Until literally years later, shortly before I left Knoxville.  I was at the Borders (RIP) by West Town Mall, idly browsing like we did back when bookstores existed.  I was standing in the middle of an aisle looking down at a book I was holding.  Someone else came into the aisle within my field of vision–I could only see him from the waist down as I looked down at whatever book was in my hand.  I noticed out of the corner of my eye he was scratching himself.  Ew dude.  Then I noticed he kept scratching himself.  Then I noticed he probably wasn’t scratching himself and I moved away and of course it’s the Kroger perv.  I don’t think he remembered me at all; I think this was just something he did all the time.  I tried looking at another book by the registers but he came over and knelt down pretending to look at a book and trying to make eye contact with me.  I just left.  A few weeks later I went into that store again and he was there and I saw him see me and I just immediately walked out.  Never saw him again.

Anyway, that’s what happened to me.  Nothing serious, nothing scarring.  Just some doofus with zero power over me being sexually inappropriate.  Like I said, I’m not trying to draw any analogy between my experience and what so many women have described on social media in their personal lives and workplaces, other than to point out that this is practically sewn into the fabric of our society and I can’t imagine many people who’ve been able to completely avoid it.  As one woman pointed out to me, she doesn’t even remember details of all the times things like this have happened to her, like I do with this single instance.  I do take note that I definitely apologized to him (“I’m sorry, I don’t go that way”) and after the fact worried that I’d brought it on myself by smiling and nodding when he said that thing I didn’t quite hear, as if that were an invitation for him to ask me to have oral sex with him.  It’s scary how easily those thoughts came to me.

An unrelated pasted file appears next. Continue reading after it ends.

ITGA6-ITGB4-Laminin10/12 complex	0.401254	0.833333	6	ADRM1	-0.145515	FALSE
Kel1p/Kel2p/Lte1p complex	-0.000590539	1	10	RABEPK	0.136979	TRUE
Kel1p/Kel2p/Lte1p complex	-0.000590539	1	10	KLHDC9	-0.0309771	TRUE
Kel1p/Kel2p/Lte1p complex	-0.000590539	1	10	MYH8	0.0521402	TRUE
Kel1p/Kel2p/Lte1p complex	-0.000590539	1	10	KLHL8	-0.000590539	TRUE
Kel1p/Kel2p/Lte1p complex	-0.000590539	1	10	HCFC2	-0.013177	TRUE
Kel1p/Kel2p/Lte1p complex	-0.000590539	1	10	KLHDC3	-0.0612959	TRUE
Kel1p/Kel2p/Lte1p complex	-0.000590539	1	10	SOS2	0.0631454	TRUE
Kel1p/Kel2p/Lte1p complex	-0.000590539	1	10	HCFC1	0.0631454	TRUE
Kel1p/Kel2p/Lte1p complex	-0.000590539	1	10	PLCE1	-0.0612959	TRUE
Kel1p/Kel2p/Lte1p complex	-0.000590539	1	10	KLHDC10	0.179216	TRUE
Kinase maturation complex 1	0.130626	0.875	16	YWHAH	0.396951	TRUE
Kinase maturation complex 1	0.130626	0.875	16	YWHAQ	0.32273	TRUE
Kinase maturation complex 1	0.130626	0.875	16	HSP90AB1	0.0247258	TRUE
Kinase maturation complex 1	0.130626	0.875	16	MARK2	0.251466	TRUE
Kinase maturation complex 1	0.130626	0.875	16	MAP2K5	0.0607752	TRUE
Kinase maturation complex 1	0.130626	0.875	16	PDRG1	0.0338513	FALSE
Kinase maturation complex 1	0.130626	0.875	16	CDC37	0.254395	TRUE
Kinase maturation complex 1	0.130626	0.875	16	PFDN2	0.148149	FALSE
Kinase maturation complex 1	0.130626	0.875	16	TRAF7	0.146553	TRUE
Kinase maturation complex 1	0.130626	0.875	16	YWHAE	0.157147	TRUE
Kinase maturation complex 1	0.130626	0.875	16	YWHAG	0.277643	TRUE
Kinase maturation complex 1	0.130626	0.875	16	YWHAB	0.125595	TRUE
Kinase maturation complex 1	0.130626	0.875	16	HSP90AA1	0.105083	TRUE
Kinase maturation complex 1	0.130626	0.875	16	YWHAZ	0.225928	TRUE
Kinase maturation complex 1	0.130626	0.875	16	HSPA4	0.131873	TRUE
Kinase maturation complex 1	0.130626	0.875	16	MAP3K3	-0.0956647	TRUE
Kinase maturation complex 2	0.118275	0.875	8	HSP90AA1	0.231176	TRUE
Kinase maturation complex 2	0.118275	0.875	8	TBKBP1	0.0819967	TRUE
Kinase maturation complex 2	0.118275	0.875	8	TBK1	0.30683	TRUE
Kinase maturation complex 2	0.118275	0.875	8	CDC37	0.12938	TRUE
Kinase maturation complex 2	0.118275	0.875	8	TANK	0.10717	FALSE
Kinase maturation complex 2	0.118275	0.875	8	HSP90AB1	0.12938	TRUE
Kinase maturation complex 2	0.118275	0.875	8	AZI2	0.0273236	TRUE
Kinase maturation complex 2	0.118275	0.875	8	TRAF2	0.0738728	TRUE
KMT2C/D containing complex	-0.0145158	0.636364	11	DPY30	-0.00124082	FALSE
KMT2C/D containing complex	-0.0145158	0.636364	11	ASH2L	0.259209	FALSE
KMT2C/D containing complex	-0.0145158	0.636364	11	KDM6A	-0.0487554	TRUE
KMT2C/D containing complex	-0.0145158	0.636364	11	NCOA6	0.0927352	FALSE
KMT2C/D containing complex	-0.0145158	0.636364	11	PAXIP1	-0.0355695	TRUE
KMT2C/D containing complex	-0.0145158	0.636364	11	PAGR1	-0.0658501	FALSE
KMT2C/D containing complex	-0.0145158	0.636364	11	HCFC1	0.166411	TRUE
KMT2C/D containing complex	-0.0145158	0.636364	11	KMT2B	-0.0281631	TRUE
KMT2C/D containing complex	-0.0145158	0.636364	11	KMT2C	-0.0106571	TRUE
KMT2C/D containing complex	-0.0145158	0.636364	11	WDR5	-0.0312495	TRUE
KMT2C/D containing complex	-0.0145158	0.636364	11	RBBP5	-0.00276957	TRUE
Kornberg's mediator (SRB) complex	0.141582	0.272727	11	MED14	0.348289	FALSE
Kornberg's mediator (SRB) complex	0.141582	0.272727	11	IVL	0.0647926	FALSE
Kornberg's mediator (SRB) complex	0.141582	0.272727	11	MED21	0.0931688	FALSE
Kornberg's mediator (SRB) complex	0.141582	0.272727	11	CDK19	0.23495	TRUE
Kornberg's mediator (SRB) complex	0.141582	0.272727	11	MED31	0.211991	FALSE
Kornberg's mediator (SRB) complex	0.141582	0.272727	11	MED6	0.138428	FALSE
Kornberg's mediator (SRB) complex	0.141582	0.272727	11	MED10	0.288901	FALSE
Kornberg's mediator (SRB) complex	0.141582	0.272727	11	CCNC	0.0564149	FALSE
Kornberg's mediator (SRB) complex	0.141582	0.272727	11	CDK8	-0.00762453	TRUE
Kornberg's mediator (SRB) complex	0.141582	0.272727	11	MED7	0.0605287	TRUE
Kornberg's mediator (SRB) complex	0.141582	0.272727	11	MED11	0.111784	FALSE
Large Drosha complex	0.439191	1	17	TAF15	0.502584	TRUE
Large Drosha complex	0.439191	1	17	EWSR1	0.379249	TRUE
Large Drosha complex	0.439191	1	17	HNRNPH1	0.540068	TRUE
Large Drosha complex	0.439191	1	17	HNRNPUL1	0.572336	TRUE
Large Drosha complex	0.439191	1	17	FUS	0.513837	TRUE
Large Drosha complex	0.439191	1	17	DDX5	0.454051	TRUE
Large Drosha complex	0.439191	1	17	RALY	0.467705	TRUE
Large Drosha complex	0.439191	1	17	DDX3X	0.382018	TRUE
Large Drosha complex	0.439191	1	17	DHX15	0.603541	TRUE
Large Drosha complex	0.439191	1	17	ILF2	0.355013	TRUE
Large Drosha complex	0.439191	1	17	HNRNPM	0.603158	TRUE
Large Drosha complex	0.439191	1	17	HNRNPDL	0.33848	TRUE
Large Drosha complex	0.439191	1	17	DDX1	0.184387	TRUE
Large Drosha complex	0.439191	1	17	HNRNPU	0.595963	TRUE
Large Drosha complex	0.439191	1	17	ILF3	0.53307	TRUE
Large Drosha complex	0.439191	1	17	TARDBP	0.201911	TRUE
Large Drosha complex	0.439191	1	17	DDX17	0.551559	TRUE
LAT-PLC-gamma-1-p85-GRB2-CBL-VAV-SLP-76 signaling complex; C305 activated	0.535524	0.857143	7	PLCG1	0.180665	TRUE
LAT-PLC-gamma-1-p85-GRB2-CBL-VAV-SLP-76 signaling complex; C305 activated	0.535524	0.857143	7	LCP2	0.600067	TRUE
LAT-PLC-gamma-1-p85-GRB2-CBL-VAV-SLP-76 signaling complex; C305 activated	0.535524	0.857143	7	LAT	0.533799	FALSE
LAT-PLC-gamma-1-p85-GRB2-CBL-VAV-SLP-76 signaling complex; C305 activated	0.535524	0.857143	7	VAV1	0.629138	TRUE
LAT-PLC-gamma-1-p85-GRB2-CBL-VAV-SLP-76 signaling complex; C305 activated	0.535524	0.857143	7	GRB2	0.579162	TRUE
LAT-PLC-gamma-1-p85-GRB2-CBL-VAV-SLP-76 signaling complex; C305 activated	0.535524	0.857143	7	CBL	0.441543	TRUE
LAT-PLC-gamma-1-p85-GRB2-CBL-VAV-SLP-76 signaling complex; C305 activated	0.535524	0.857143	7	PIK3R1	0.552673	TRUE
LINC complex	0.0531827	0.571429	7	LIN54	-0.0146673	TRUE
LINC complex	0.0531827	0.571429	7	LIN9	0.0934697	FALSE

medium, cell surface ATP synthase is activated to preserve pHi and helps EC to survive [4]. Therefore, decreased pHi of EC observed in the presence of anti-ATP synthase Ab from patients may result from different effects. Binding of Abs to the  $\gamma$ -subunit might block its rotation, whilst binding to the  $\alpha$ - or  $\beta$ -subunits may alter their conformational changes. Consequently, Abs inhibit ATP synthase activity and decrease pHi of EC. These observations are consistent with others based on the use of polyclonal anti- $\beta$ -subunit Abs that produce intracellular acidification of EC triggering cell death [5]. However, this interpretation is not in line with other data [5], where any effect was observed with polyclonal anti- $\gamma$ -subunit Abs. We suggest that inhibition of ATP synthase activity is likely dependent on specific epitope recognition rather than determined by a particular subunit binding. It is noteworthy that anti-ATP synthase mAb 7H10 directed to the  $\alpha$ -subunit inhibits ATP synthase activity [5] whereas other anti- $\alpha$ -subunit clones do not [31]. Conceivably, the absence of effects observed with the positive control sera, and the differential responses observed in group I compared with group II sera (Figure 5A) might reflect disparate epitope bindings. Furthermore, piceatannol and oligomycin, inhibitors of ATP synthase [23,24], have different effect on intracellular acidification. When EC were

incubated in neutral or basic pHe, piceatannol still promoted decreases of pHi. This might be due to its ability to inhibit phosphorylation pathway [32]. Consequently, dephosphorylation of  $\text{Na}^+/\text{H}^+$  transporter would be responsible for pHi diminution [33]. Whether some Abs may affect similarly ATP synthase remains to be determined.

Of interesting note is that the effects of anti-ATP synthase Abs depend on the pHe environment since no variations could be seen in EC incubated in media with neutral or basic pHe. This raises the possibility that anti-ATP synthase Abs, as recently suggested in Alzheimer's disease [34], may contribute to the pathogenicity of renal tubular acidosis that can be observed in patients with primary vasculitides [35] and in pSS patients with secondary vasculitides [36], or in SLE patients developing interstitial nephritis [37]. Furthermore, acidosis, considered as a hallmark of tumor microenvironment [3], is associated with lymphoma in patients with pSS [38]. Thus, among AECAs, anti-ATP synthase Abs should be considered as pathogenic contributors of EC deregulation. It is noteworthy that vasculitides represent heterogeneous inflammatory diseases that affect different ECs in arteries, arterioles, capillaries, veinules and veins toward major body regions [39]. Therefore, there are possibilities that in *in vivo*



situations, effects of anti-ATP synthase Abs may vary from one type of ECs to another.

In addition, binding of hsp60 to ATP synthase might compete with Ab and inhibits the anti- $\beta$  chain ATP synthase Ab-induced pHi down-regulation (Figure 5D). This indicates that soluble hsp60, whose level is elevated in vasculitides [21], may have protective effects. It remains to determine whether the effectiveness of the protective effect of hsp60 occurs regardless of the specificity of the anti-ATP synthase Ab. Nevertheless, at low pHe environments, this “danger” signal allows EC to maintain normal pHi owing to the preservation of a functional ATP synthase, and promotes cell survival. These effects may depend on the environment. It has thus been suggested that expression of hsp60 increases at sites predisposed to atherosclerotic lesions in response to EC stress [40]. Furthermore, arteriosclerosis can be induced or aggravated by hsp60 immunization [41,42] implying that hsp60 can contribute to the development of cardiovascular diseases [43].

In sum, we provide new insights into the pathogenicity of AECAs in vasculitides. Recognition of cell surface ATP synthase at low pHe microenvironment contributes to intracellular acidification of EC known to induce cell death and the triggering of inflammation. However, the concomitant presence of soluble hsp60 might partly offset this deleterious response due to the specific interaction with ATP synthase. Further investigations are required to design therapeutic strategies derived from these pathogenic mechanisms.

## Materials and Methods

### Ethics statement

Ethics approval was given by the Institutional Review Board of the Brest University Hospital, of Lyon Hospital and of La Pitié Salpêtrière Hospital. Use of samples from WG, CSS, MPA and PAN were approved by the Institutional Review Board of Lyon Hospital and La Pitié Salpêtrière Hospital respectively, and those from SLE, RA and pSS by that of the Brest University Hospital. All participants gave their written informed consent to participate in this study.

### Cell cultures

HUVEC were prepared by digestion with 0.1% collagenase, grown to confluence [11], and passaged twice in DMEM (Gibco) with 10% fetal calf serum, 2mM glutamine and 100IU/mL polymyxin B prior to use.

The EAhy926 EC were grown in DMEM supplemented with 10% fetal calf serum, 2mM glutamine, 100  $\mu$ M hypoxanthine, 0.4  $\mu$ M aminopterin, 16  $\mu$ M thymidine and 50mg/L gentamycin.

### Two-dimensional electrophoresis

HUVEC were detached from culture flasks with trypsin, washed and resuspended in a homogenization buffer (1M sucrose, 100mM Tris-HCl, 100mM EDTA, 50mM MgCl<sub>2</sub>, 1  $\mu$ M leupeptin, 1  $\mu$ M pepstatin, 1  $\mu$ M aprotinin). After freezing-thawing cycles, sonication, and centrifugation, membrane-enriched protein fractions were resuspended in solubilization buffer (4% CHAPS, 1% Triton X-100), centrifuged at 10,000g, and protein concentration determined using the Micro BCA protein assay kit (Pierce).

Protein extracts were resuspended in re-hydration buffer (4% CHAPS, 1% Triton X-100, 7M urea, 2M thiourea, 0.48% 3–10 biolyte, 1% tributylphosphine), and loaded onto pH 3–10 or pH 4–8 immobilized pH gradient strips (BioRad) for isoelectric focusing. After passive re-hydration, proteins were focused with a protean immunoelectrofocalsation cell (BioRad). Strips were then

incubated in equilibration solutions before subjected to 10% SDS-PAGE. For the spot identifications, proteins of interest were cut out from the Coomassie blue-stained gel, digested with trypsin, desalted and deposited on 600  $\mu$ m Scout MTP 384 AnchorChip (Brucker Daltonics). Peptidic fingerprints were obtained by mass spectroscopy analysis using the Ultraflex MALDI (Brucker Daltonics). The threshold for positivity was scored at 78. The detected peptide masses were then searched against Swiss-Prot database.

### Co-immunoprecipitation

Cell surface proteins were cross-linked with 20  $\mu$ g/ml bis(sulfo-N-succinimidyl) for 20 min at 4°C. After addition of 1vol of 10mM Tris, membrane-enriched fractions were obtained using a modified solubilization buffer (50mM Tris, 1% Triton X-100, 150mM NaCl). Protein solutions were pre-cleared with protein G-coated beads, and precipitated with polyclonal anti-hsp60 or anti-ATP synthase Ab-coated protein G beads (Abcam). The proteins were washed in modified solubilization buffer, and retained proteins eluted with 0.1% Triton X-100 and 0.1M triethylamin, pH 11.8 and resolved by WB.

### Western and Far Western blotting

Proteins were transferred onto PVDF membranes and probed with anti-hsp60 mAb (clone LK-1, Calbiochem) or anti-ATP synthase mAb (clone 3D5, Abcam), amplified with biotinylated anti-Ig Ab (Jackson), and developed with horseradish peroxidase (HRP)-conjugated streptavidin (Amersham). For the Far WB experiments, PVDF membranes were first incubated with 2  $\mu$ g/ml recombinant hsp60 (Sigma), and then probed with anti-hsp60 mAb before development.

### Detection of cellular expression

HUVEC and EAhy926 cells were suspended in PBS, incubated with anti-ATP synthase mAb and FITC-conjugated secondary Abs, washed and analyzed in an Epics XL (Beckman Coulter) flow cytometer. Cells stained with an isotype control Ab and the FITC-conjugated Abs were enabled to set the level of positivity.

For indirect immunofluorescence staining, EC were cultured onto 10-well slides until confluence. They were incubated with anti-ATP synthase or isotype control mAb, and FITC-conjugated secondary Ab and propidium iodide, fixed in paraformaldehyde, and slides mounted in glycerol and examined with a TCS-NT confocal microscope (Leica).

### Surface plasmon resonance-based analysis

And about that white male privilege: the cashier immediately believed me and took action to help me out, and the man he called over complied without question.  I have no doubt whatsoever that anyone who reads this will believe me.  I never felt truly threatened by this man and knew that if it came down to it and I had to physically defend myself, any authorities who became involved would almost certainly believe me and I’d avoid any sort of punishment.  It didn’t leave any real lasting impression on me, because I haven’t thought about this in years until the stories about Harvey Weinstein finally saw the light of day.  I never thought anything like it would happen to me again, and it hasn’t.  Now, if I may A Time to Kill this scenario, take all that away.  Imagine I’m an African American woman.  The cashier doesn’t believe me, the perv follows me to my car, I have to fight him off, the cops show up and assume I’m the aggressor, and suddenly I’m in jail for punching a guy who was trying to sexually assault me (this is unfortunately one of the better scenarios that could play out).  I’m emotionally imprinted by all of this so when I see the perv at Borders later some kind of PTSD takes over and I’m a wreck and then I assume he’s been following me all these years.  It takes therapy for me to be able to relax in a public setting.  And again, this man had no power over me!  I can’t begin to imagine receiving this sort of attention from someone who employs me.

Like I said, I had chalked this up to just some random perv crossing my path at the wrong time, an isolated incident.  Now I realize that he’s one of who knows how many men who don’t understand how to relate to people they’re sexually attracted to and abuse all kinds of social norms to bridge that gap.  So, believe women.  And women, please keep telling your stories.